Traffic to this blog is declining. I need to act decisively to draw people back. Write something so interesting it can’t help but go viral. I’m going to write about…negative results from the perception questions on last year’s survey.
The last SSC survey had a lot of optical illusions and visual riddles. I had hoped to expand on some of the work in Why Are Transgender People Immune To Optical Illusions and Can We Link Perception And Cognition? This post is a very brief summary of results and, basically, an admission of failure. While I was able to replicate the same suggestive results as in the last survey, I was unable to expand on them, strengthen them, or really turn them into any kind of interesting framework.
I was able to weakly replicate the headline result from Why Are Transgender People Immune To Optical Illusions: transgender status still correlated with all three mask illusions, and with the average of all three mask illusions, but very weakly: r = -0.04, p = 0.001. This was true even when I excluded everyone who took place in last year’s survey, providing an independent confirmation of the result. But with correlations this low, it’s hard to get too excited.
I was also able to weakly replicate the headline result from Can We Link Perception And Cognition?. I haphazardly gave people a “weirdness score” based on them having more mental illnesses, more unusual political opinions, and more minority sexual/gender identities (without looking at their illusion results). People with higher weirdness scores consistently had more ambiguity-tolerant results on illusions, with correlations around r = 0.05 for most tests. They also had notably higher average Tolerance of Uncertainty Test scores. But none of these results were very striking and there was minimal individual structure in them. If I was going to take this further I would have come up with a more principled definition of weirdness, but at this point it doesn’t seem worth it.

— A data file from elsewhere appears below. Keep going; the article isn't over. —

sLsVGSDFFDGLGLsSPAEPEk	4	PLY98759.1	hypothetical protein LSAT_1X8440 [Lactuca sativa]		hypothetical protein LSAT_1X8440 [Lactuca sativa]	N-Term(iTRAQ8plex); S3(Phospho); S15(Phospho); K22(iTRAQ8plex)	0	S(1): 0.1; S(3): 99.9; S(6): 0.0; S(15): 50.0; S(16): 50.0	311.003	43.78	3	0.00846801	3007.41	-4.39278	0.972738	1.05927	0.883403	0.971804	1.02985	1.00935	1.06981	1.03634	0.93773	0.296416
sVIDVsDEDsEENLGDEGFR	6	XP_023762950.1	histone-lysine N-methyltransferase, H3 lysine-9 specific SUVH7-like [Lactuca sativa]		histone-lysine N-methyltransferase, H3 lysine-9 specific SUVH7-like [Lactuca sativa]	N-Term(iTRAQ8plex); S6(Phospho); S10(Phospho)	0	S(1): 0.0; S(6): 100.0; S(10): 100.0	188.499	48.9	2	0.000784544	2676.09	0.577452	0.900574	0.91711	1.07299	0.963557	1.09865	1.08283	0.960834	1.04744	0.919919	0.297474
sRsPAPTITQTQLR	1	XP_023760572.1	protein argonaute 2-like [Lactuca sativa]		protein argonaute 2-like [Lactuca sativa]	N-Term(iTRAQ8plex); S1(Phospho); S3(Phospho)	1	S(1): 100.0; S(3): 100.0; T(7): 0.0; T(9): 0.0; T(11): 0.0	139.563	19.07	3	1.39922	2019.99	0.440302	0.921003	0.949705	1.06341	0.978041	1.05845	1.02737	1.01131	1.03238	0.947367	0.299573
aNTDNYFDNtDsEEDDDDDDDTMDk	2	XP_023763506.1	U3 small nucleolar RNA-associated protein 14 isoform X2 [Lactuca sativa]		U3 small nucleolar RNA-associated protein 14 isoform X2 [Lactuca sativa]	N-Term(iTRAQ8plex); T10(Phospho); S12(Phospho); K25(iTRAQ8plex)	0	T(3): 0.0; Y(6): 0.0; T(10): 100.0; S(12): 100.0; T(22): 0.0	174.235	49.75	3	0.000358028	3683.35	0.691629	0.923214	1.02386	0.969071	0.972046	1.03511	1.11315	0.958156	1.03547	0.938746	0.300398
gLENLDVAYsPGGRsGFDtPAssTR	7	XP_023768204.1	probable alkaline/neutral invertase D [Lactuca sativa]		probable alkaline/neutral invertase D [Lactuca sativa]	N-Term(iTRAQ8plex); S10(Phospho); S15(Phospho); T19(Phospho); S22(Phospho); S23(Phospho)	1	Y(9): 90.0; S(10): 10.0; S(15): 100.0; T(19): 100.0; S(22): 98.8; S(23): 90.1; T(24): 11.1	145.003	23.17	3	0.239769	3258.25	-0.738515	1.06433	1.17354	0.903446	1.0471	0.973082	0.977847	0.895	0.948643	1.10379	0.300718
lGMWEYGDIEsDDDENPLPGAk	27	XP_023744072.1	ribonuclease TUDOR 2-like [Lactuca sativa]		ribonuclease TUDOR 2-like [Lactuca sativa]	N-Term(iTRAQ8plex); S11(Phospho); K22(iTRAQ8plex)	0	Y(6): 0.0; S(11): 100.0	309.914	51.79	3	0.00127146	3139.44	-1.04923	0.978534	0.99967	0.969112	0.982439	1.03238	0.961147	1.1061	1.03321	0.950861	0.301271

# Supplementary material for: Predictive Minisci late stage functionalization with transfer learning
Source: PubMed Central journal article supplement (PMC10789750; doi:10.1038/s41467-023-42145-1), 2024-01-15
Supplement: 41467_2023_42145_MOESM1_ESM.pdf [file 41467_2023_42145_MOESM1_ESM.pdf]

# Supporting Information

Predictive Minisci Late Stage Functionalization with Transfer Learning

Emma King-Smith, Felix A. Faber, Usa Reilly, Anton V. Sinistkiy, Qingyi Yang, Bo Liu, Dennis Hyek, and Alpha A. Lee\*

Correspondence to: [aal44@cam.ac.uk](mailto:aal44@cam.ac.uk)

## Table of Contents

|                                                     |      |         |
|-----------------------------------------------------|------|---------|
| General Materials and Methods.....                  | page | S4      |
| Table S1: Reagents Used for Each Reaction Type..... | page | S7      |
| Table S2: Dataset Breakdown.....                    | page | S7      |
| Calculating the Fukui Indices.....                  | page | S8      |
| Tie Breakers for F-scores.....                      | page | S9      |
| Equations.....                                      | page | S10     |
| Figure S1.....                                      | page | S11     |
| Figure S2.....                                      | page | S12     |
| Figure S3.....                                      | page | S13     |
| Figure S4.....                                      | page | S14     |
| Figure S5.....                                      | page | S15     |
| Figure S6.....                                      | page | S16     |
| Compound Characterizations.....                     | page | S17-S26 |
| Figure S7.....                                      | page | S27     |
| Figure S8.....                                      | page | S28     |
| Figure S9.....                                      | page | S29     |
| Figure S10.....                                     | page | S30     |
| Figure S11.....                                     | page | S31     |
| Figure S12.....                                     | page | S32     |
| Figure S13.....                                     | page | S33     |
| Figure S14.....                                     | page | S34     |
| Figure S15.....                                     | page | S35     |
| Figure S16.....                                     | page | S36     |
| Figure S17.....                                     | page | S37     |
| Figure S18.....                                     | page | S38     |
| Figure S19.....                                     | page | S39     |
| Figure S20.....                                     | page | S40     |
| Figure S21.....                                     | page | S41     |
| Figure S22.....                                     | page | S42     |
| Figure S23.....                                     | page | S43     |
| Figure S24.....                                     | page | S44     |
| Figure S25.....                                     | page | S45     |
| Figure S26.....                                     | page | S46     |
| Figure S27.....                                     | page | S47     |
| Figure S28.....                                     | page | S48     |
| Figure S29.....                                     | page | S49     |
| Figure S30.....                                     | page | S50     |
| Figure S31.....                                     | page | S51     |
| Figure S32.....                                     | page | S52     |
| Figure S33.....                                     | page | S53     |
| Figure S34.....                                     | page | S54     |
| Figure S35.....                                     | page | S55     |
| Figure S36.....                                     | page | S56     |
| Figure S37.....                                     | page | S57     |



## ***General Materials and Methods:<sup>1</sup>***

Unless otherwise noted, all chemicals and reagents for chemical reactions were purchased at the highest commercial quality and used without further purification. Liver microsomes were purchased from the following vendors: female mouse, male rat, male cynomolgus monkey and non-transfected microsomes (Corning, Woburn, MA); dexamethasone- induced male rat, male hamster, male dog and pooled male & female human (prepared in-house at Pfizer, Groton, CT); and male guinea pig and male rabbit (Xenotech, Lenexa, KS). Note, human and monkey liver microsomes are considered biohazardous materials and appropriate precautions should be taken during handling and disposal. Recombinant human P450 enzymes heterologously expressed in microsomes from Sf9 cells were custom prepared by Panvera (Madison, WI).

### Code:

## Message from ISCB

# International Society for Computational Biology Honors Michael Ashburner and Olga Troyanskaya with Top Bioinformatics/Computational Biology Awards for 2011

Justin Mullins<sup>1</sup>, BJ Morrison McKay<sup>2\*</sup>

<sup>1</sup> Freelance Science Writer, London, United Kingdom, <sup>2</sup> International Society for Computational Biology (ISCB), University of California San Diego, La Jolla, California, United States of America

What do I mean by saying these results are weak and lack internal structure? To give an example: the last survey focused on a single optical illusion, the Hollow Mask. This survey used three different versions of the Hollow Mask in the hopes of removing noise and getting a higher-fidelity mask perception signal. This didn’t work at all. The correlations between the three masks were very low. For example, there was only an r = 0.09 correlation between being able to see the second mask illusion and the third mask illusion. While all correlations were significant, it doesn’t seem fair to conceptualize them as testing the same perceptual function.
Given that I couldn’t even get different versions of the same illusion to line up, you can guess that I didn’t get much correlation between different illusions. For example, the Tables Illusion correlated with average score on the Mask Illusion at about r = 0.06, p = 0.001. I was also able to replicate the correlation in the literature between autism and the Tables Illusion, r = 0.03 p = 0.01, but again this was very small.